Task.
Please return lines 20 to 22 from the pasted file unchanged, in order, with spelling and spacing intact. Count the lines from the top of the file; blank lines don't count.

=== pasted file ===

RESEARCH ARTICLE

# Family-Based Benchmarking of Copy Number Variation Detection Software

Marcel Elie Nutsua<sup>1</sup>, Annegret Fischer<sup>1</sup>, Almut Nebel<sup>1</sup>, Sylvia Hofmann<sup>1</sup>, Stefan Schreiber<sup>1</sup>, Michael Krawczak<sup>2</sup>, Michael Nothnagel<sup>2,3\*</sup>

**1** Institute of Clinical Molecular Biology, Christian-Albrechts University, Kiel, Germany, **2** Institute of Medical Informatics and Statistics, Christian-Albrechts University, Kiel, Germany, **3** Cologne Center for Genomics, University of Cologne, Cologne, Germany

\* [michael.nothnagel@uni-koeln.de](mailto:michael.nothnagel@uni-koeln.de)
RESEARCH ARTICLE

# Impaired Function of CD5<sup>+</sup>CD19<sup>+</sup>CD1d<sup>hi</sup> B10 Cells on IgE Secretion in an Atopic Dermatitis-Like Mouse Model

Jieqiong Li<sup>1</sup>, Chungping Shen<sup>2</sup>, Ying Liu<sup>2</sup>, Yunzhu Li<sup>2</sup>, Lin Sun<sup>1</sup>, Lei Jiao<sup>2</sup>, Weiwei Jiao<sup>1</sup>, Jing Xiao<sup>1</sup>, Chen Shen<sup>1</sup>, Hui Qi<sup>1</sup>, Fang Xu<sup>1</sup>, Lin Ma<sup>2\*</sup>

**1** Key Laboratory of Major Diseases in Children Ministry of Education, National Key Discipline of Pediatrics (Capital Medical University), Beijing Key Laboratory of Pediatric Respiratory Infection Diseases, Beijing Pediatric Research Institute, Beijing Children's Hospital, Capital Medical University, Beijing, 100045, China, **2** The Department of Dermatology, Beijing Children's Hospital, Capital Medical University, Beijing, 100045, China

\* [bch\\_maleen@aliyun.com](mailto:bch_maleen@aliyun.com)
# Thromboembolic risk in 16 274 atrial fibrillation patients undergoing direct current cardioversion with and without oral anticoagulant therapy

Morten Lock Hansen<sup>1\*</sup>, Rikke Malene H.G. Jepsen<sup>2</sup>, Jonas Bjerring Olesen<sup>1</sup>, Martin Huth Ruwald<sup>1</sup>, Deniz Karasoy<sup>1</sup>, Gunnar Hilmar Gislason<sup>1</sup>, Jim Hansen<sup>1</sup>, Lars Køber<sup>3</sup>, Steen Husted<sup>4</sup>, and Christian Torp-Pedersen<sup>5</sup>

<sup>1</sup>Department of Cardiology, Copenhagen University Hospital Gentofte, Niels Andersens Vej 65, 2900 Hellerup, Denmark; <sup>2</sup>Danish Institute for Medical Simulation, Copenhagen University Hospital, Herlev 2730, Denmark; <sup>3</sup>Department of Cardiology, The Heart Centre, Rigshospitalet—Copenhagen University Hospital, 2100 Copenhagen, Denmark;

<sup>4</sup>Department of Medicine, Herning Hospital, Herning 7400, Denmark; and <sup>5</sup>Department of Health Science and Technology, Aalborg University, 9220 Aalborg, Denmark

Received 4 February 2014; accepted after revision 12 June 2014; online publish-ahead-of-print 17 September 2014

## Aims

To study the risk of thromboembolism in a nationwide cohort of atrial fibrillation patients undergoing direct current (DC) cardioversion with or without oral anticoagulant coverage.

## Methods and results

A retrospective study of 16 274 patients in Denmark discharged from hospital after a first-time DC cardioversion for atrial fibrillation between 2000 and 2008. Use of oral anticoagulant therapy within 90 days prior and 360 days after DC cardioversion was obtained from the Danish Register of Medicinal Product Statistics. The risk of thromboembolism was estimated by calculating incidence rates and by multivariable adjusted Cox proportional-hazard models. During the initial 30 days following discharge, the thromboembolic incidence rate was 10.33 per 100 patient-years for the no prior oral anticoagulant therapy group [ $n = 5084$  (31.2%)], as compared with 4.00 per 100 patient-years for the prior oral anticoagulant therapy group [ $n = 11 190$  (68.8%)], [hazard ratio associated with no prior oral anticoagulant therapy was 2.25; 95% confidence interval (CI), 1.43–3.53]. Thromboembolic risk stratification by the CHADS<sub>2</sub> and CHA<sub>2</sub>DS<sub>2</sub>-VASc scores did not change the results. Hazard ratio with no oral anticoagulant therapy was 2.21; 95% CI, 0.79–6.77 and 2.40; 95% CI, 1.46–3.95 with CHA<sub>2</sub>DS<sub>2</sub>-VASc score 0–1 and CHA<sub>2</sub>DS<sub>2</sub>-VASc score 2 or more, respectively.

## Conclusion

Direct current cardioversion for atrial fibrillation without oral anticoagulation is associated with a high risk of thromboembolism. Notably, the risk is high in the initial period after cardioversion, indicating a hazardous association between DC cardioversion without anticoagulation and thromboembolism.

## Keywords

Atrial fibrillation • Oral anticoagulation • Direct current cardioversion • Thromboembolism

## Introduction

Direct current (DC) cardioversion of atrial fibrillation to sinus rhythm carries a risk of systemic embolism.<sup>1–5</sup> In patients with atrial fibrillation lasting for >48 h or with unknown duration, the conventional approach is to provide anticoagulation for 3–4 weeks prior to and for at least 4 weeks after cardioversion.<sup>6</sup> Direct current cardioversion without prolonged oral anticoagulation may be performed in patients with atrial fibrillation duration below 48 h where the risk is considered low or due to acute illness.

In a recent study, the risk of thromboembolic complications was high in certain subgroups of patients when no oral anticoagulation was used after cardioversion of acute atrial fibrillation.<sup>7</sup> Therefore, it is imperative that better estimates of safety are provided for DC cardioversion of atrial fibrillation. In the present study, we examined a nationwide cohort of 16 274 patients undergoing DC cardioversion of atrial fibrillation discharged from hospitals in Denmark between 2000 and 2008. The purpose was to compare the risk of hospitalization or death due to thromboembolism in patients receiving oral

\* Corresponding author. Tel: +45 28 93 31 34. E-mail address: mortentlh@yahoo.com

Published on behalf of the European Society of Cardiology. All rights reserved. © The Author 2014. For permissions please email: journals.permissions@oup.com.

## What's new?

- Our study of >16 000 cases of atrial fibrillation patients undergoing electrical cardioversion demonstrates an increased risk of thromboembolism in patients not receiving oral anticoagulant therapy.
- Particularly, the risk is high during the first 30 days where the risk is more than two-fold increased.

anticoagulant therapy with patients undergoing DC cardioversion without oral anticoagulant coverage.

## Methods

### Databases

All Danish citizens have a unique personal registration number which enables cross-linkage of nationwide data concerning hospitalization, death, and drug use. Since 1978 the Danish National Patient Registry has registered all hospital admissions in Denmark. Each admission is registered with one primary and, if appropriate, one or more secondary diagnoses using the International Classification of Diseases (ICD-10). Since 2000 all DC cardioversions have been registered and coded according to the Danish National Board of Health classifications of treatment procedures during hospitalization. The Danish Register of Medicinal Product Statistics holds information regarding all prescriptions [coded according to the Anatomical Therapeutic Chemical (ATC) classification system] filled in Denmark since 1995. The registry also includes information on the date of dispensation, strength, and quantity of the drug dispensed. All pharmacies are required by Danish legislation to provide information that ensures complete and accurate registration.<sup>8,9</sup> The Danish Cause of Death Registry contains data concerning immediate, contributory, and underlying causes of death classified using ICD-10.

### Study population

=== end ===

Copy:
## Conclusion

Direct current cardioversion for atrial fibrillation without oral anticoagulation is associated with a high risk of thromboembolism. Notably, the risk is high in the initial period after cardioversion, indicating a hazardous association between DC cardioversion without anticoagulation and thromboembolism.

## Keywords